Programming

McGraw Hill Summit: Zucker Defends CNBC, Jim Cramer

NBC Universal CEO says attacks from 'The Daily Show'  "incredibly unfair" 3/18/2009 10:03:50 AM Eastern

NBC Universal chief executive Jeff Zucker Wednesday defended CNBC against criticism that it failed to adequately predict the crisis on Wall Street. Speaking at the McGraw-Hill media summit, Zucker said that Comedy Central's Jon Stewart had been "incredibly unfair to CNBC and the business media."

"CNBC is a spectacular organization and in particular Jim Cramer," he said.The NBC U executive also said there had been no evidence of a ratings decline at the business network in light of Stewart's attack. Zucker said everybody was looking for a scapegoat and to point the finger in light of the economic crisis. "What is going on now is absurd," he added. Speaking at the McGraw Hill Media Summit Wednesday, Zucker also said that the media was not to blame for the Iraq war or the Wall St. meltdown.

He also jokingly pointed out that Business Week, part of McGraw-Hill and hosts of the media get together had picked AIG as one of its best stocks of 2007.

Zucker used the platform to further reinforce that the idea that NBC Universal is now primarily a cable programmer. "Sixty percent of our operating profit comes from our cable networks. We are first and foremost a cable company and our portfolio is second to none."

"USA is one of the five networks; ABC, CBS, NBC, Fox and USA." "You have to be on USA if you want to reach general entertainment viewers," he added, clearly positioning that network to capture ad dollars that may trickle from the broadcast networks this year.

On the advertising upfront, Zucker said the NBC network is expecting to sell less inventory this season, though he said that decision would be a factor of market demand. "There is a lot of uncertainty out there and quite frankly some paralysis on the part of advertisers who aren't sure where budgets are going to be. I expect it to move slowly and that some of the broadcast networks may not move as much inventory this season." He said cable would continue to do well even in 2009.

Zucker repeatedly went back to the topic of how the company had to reinvent itself to avoid the fate of newspapers, local TV stations and Detroit, which he said had not adequately adapted to change. He went on to say that revenue from digital operations had improved somewhat. He famously said that big media companies had to be careful not to exchange digital pennies to for analog dollars. He revised that thought, to upgrade pennies to "digital dimes." "I don't know if we ever get to the one for one replacements but that's O.K. if you can fix your cost structure." When asked about the battle over content between CBS Corp's TV.com and online video provider Hulu, he said that the company was pursuing legal avenues and that he expected it to be resolved soon.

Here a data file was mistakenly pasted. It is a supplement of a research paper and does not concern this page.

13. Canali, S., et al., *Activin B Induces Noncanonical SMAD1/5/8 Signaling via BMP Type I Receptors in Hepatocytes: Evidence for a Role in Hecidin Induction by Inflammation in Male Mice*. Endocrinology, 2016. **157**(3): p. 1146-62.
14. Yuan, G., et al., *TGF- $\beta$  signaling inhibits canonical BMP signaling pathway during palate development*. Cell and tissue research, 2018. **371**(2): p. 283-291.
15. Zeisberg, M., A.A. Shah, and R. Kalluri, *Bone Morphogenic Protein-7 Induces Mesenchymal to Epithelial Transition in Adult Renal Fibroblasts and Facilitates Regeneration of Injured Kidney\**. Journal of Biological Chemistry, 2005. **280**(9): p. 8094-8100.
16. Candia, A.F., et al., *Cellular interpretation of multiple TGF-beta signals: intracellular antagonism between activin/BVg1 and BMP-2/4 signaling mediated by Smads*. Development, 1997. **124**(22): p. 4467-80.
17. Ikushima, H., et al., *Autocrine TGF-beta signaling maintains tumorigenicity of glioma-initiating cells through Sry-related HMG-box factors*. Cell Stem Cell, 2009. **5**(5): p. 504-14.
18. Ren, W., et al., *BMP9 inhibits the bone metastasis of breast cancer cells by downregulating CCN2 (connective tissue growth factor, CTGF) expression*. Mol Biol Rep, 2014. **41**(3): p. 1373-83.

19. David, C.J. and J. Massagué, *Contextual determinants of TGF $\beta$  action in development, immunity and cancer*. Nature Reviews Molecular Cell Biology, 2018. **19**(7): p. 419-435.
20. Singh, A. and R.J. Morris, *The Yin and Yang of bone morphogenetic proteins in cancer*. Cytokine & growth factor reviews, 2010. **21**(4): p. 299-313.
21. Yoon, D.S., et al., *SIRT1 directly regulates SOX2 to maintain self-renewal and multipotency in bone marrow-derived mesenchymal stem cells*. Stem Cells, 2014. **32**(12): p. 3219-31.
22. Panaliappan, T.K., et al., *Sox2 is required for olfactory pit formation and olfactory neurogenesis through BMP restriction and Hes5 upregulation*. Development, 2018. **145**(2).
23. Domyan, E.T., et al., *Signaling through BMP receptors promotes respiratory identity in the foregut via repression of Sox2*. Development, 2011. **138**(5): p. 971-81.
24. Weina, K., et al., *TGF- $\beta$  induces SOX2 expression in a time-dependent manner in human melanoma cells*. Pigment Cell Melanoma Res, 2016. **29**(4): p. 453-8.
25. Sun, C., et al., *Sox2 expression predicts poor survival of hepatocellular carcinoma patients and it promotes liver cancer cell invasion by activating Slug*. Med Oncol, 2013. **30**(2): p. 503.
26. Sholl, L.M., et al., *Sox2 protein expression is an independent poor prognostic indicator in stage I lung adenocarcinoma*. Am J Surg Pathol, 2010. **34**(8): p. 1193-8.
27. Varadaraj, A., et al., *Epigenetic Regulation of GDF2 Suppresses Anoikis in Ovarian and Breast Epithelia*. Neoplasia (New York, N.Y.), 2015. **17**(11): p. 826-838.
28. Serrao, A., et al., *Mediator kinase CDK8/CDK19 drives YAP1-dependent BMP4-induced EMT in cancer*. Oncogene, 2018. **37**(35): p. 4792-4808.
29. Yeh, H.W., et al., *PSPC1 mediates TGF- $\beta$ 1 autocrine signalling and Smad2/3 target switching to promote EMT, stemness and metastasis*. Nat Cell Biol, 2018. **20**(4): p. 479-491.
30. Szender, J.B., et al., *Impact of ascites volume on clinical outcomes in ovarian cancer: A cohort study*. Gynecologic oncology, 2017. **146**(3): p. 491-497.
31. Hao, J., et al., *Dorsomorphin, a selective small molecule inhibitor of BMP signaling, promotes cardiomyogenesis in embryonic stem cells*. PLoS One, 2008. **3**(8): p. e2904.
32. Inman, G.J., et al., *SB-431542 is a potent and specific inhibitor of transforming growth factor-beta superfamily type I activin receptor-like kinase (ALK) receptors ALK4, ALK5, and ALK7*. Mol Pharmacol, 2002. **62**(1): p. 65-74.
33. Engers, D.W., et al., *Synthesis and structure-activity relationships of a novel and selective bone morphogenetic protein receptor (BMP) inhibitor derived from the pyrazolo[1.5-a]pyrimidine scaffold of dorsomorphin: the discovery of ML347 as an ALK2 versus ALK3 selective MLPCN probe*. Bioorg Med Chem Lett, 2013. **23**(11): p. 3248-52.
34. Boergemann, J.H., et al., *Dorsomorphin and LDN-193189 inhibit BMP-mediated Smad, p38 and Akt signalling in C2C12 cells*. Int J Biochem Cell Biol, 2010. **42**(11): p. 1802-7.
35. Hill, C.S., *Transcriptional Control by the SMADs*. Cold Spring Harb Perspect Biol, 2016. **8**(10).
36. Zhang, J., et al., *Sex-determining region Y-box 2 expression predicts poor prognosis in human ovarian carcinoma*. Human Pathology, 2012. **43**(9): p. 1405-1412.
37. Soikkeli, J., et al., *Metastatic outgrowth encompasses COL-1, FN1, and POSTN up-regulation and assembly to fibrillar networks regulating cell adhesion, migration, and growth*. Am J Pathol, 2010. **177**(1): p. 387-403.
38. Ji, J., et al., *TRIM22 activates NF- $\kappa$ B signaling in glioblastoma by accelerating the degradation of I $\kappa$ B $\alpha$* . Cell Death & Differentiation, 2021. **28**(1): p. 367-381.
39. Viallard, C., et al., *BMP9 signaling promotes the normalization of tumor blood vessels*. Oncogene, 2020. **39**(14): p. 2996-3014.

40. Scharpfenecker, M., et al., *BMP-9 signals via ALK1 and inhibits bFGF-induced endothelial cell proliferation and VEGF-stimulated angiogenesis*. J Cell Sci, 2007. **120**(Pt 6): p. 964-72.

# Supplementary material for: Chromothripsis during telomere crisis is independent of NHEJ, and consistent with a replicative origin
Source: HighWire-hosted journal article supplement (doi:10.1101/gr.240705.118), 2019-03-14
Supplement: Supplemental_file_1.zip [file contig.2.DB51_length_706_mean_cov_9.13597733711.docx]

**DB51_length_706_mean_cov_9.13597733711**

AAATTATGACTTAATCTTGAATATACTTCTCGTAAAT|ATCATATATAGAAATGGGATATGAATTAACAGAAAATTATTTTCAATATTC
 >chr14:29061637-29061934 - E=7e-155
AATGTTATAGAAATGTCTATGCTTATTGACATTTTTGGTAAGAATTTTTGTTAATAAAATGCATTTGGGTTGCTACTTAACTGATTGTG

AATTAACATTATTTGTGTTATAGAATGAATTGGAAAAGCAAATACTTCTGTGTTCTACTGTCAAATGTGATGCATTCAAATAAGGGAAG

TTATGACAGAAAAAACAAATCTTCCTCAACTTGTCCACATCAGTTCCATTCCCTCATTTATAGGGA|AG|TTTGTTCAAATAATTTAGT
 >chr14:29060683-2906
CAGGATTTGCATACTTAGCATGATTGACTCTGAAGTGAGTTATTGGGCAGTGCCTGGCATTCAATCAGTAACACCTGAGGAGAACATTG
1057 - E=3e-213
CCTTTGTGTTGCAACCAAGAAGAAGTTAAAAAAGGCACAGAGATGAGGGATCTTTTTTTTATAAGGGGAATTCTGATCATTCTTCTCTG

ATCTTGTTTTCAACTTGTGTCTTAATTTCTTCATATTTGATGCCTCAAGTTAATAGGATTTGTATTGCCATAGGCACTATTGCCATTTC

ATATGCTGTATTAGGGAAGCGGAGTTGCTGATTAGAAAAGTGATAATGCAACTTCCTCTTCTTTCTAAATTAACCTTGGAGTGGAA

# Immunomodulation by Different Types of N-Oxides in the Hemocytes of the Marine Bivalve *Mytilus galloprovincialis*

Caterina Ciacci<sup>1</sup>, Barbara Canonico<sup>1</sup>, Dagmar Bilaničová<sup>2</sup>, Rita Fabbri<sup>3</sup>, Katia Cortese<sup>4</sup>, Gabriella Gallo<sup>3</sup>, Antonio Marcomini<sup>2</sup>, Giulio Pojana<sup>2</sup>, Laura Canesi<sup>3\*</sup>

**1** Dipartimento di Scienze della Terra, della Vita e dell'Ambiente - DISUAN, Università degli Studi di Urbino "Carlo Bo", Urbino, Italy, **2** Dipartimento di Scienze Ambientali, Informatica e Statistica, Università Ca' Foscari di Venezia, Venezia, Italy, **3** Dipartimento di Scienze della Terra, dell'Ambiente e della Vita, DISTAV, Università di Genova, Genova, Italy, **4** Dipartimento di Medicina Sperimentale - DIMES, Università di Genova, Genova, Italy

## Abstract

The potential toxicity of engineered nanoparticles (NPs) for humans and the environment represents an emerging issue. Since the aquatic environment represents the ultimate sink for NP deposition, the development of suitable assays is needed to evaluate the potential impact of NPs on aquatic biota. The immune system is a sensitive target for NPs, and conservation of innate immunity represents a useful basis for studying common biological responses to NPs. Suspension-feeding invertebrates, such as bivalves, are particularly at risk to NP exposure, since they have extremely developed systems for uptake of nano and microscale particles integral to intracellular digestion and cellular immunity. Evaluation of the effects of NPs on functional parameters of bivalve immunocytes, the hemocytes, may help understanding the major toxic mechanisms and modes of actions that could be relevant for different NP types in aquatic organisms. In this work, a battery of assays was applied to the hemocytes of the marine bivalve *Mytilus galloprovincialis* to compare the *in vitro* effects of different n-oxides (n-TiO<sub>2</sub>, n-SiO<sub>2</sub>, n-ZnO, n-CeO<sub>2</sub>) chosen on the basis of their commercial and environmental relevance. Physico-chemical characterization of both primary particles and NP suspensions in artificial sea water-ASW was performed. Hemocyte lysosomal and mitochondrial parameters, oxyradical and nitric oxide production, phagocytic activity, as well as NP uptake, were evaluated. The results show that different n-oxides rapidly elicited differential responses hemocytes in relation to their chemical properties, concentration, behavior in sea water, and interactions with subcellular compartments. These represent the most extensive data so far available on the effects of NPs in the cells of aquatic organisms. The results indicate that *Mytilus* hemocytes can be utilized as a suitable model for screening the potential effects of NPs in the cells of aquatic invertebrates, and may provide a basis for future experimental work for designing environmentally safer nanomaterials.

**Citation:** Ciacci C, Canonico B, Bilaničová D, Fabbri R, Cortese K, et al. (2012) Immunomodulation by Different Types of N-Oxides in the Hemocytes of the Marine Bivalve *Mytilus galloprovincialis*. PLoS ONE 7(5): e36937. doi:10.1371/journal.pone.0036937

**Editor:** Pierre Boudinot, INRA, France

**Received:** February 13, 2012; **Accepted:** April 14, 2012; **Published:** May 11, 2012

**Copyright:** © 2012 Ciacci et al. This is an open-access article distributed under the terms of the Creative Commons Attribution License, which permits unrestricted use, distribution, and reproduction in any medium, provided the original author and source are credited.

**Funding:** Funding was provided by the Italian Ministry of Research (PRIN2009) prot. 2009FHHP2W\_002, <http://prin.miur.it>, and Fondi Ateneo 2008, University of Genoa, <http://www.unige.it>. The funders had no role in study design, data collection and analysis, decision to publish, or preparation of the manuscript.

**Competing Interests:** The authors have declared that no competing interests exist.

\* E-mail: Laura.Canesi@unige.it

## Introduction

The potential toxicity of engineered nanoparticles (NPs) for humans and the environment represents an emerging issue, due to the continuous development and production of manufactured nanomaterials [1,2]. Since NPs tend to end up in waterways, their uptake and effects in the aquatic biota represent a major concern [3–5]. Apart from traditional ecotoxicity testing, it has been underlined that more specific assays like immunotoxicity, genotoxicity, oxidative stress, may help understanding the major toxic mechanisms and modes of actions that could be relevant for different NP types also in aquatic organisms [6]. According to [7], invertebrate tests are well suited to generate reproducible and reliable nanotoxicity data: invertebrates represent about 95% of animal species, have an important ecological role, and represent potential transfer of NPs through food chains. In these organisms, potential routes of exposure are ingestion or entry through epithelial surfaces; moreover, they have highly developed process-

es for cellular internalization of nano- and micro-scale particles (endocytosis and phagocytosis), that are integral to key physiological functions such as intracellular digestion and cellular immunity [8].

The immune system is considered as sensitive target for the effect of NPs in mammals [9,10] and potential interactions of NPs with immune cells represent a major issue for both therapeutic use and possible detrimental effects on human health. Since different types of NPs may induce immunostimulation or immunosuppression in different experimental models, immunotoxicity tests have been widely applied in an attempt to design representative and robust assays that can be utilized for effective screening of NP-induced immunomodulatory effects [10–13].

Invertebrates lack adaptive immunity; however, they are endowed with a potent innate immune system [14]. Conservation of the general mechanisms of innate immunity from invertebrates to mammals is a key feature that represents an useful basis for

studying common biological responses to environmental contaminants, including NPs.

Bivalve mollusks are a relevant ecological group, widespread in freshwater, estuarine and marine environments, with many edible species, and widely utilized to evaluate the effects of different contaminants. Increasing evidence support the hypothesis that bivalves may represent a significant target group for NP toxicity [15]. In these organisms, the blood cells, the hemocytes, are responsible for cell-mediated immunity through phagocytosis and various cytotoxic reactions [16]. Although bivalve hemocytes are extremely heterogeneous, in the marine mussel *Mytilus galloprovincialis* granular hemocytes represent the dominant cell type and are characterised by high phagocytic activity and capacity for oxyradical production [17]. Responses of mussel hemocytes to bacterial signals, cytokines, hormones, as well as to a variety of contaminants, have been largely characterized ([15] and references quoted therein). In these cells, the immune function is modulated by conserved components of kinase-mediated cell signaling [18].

The executive also defended against criticism that NBC was any less of a network because it had chosen to program the Tonight Show at 10.00 pm. He said no-one criticized Fox or CW for only programming two hours of primetime a night. He also said that given fragmentation, people ought to look at the success of NBC programming in its totality, adding such things as views on Hulu views and iTunes.

Zucker did as much as he could to dispel speculation about the future of NBC Universal ownership. He repeated that NBC had benefitted greatly from being part of GE and that the discipline had "allowed us to see things before others see them." He said the relationship had also enabled the company to go after the Olympics and NFL and acquire channels such as Oxygen. "We're in an era where everybody questions everything and everybody throws ideas out there..."I hope we're there for a long time. Nothing lasts forever. I think NBC Universal has benefitted greatly from being part of GE. I hope that continues." Before adding, "I believe it will."

Speaking about the relationship with GE chief excutive Jeffrey Immelt, Zucker said he appraises him on things that he might read about in the press, but that his ultimate boss had no role in such things as programming decisions. "Look, he doesn't get involved in program decisions or editorial decisions at all and usually I talk to him about major strategic decision that changes the nature of the company."

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